It would be nice if this was possible in Melbourne with the opportunity to achieve capital growth. Unfortunately on residential property, it’s almost impossible.


Investing in office space

The real estate office sector is such a volatile investment market.

I’ve never really liked the office market. It’s always unpredictable and believe me, I’ve seen so many people burnt by investing into this section.

The lure of strong returns tends to be the defining factor as to why people invest in the first place. An 8% yield is hard to resist for investors.

The two main problems are this:

1. When the office market is oversupplied, it’s oversupplied. To have a vacancy period of 6 months is not unusual.
2. Reselling on just the return.  When buying, you need to always think about selling. The problem is that by selling on return, you need to have an attractive return to sell (unless to an owner occupier) and to have an attractive return – the price needs to be lowered as a result. Emotion which so often comes into play on the residential market, is simply not there. The scarcity factor is also limited.

Office space also has different grades. A, B and C grade are the normal classifications. ‘A’ class office space will improve the situation for the investor.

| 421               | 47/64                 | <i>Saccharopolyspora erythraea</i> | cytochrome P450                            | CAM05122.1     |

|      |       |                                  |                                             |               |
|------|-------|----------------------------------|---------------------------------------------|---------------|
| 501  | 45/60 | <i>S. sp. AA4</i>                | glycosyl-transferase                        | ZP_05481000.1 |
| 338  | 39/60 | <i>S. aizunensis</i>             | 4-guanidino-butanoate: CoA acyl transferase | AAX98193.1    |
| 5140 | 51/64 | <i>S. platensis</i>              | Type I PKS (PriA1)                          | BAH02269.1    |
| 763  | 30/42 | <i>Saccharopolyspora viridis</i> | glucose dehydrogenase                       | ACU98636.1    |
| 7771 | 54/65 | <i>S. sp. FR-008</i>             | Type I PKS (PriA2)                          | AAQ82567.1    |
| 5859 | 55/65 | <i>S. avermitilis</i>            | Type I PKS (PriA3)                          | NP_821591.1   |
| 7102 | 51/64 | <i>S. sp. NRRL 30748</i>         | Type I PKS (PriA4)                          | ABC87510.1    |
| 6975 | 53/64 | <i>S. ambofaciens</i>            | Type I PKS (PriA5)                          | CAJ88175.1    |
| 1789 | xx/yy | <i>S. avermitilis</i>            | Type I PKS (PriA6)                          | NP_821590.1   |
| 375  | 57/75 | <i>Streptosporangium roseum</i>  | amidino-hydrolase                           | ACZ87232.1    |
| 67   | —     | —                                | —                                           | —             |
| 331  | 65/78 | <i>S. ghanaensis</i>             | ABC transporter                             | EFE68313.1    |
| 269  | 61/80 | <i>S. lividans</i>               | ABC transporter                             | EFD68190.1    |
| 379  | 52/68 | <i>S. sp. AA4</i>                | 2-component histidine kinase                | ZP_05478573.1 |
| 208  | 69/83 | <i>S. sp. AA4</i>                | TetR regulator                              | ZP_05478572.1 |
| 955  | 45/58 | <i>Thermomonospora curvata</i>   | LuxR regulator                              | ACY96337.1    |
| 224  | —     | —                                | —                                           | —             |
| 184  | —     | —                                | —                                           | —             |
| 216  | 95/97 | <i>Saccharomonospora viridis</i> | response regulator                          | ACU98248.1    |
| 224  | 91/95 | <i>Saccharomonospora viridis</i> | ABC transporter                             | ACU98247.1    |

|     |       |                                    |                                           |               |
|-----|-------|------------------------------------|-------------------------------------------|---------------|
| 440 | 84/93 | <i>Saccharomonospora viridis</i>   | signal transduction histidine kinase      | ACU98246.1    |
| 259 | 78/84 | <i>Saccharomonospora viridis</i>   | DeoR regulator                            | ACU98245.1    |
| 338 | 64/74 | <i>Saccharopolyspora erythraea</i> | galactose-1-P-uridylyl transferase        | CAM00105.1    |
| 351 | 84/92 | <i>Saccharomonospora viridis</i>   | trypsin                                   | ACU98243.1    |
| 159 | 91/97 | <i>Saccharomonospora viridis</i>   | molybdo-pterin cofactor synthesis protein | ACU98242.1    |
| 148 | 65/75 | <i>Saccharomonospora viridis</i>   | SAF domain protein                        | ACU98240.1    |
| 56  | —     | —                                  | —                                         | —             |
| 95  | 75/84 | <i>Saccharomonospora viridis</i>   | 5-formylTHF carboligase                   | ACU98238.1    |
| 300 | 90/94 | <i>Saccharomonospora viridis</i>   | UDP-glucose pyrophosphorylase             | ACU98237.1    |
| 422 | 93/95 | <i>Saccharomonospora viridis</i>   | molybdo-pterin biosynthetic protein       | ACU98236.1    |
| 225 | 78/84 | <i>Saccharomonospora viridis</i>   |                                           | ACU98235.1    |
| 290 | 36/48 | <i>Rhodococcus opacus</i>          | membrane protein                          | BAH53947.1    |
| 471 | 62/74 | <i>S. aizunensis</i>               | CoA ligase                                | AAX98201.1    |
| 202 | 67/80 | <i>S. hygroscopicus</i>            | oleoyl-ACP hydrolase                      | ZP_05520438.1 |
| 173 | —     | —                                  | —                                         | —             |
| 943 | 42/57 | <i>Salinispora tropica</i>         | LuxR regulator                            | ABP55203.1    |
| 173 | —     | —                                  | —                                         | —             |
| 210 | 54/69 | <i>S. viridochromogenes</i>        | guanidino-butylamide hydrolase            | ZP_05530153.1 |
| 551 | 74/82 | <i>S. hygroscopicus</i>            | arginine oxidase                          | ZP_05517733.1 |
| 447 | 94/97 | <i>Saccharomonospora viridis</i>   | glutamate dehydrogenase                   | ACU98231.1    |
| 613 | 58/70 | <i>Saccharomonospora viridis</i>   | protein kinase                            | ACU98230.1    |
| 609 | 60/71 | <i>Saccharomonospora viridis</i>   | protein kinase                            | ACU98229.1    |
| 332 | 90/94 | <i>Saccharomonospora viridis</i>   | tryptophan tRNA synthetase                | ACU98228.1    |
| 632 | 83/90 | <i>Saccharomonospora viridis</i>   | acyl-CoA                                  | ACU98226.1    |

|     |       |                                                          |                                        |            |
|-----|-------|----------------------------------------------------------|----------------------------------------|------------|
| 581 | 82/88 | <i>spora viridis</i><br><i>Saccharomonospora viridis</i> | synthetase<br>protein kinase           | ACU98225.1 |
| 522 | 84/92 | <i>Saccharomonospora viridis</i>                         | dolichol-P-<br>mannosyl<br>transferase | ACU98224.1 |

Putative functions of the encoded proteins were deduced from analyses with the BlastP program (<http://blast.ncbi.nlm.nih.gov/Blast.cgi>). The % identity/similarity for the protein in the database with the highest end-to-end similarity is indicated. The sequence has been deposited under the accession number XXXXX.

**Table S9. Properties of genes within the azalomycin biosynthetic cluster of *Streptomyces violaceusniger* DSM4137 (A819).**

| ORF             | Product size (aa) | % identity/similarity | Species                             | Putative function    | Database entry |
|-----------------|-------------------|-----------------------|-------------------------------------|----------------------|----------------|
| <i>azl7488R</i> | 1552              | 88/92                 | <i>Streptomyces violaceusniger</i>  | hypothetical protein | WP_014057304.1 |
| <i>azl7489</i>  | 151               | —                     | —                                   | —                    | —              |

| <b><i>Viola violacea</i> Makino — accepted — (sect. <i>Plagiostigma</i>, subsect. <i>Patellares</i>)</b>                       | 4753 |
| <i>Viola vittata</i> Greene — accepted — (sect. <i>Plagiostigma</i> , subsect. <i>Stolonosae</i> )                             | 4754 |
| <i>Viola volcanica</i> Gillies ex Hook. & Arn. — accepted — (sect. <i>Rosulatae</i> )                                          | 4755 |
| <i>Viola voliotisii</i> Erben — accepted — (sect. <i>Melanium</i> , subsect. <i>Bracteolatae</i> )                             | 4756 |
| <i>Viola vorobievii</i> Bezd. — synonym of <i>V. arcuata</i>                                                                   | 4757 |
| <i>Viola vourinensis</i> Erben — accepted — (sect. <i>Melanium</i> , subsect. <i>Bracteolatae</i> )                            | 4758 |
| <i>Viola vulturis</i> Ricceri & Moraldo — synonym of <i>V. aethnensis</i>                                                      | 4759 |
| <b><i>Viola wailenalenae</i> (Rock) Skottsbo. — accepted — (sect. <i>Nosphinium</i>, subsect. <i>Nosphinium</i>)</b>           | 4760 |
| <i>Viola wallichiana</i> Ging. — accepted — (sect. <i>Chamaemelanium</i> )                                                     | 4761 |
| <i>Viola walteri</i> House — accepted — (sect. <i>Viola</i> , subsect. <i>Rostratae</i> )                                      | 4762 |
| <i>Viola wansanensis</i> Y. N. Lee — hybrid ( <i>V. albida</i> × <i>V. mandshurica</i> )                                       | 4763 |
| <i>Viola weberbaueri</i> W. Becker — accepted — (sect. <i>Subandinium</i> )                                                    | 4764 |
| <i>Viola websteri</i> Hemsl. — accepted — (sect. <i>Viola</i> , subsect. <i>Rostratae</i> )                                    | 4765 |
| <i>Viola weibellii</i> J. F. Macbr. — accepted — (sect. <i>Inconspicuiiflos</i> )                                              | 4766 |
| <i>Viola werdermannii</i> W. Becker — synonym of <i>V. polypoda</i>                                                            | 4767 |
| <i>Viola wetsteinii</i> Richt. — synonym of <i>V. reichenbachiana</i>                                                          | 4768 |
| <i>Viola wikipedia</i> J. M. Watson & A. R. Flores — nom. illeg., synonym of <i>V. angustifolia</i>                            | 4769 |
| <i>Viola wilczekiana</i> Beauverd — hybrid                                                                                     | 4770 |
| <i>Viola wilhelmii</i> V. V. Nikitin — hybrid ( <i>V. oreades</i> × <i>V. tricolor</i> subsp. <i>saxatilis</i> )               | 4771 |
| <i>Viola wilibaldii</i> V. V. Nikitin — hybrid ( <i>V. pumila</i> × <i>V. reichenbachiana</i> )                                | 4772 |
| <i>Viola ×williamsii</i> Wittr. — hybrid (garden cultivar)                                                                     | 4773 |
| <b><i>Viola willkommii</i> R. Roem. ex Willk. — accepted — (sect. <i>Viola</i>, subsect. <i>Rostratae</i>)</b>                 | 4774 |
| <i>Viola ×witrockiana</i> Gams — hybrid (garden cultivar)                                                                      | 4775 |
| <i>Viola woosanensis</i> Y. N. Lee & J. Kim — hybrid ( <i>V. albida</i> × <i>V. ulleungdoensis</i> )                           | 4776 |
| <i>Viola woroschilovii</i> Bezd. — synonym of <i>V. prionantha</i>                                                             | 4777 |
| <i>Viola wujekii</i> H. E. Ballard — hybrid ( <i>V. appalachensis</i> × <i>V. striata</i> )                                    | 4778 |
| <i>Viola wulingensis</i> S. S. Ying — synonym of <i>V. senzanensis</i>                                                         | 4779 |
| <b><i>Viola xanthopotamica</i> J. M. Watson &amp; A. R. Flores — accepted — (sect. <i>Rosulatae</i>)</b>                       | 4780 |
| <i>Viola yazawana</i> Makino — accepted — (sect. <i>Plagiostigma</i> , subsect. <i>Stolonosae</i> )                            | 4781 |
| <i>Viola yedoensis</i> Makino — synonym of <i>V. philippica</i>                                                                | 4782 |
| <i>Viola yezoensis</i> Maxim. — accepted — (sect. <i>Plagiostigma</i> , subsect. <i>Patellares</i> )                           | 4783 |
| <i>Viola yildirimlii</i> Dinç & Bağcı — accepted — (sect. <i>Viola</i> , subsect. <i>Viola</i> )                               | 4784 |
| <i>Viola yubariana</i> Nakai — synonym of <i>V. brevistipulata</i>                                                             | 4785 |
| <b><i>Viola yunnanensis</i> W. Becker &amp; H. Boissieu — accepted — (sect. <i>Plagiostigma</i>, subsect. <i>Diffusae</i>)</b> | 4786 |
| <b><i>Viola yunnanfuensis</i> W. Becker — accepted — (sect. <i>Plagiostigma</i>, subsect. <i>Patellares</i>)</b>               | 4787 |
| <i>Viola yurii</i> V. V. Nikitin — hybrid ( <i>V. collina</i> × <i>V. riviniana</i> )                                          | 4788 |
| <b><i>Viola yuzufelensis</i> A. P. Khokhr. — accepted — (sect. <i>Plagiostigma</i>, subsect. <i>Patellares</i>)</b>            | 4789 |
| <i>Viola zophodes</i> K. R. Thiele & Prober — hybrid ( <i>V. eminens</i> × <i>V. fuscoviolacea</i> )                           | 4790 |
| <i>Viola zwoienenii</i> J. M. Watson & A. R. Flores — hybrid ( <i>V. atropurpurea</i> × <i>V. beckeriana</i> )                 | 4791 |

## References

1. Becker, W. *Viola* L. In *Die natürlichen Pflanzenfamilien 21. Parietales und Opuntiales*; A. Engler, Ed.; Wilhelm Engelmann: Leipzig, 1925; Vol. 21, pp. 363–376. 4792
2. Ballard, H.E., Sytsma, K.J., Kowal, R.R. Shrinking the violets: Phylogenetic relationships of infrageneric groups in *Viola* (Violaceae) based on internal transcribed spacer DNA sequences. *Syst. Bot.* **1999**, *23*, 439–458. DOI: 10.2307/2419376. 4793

Articles like this point to the strength and potential. My thoughts are to still stay away in most cases.

One defining point is that society and work are becoming much more mobile. Companies are finding in easier (thanks to technology) to outsource many jobs overseas, keep staff working from smaller spaces and workers can be mobile out and about with clients.  Also many new companies are electing to start a business remotely to cut overheads and leverage technology.

I’m not sure whether much of the planned office space to come has been clearly thought through.


Some further thoughts on real estate fees and taxation

Often I’m asked about real estate fees and the tax implications involved.

So here’s some info aimed at investors that might be of benefit.

Selling agent fees or buyer agents fees are not a tax deduction. You can’t present these to your accountant and expect these fees to be used as a general deduction.

However you can use the fee to offset your capital gain/ loss when selling your property in the future.

For example, lets say you paid a $10,000 fee to the agent to find and negotiate the property transaction for you. You sold the property within 6 months and made a gain of $60,000. That $10,000 can be offset against that gain bringing it down to $50,000 and then subtracting all further costs.

Always check with your accountant to match with your personal circumstances.


Getting the ‘first one’ right

Having a conversation with a gentleman today, he mentioned that he and his partner thought that if they could get their first property purchase right, then that would put them into an ideal position to launch onto the second one from there.

That’s really smart thinking. The ‘first one’ is so important to get right. It helps to propel future purchasers.

If more people thought this way, I think they would be in a much stronger position moving onto their second or third purchase.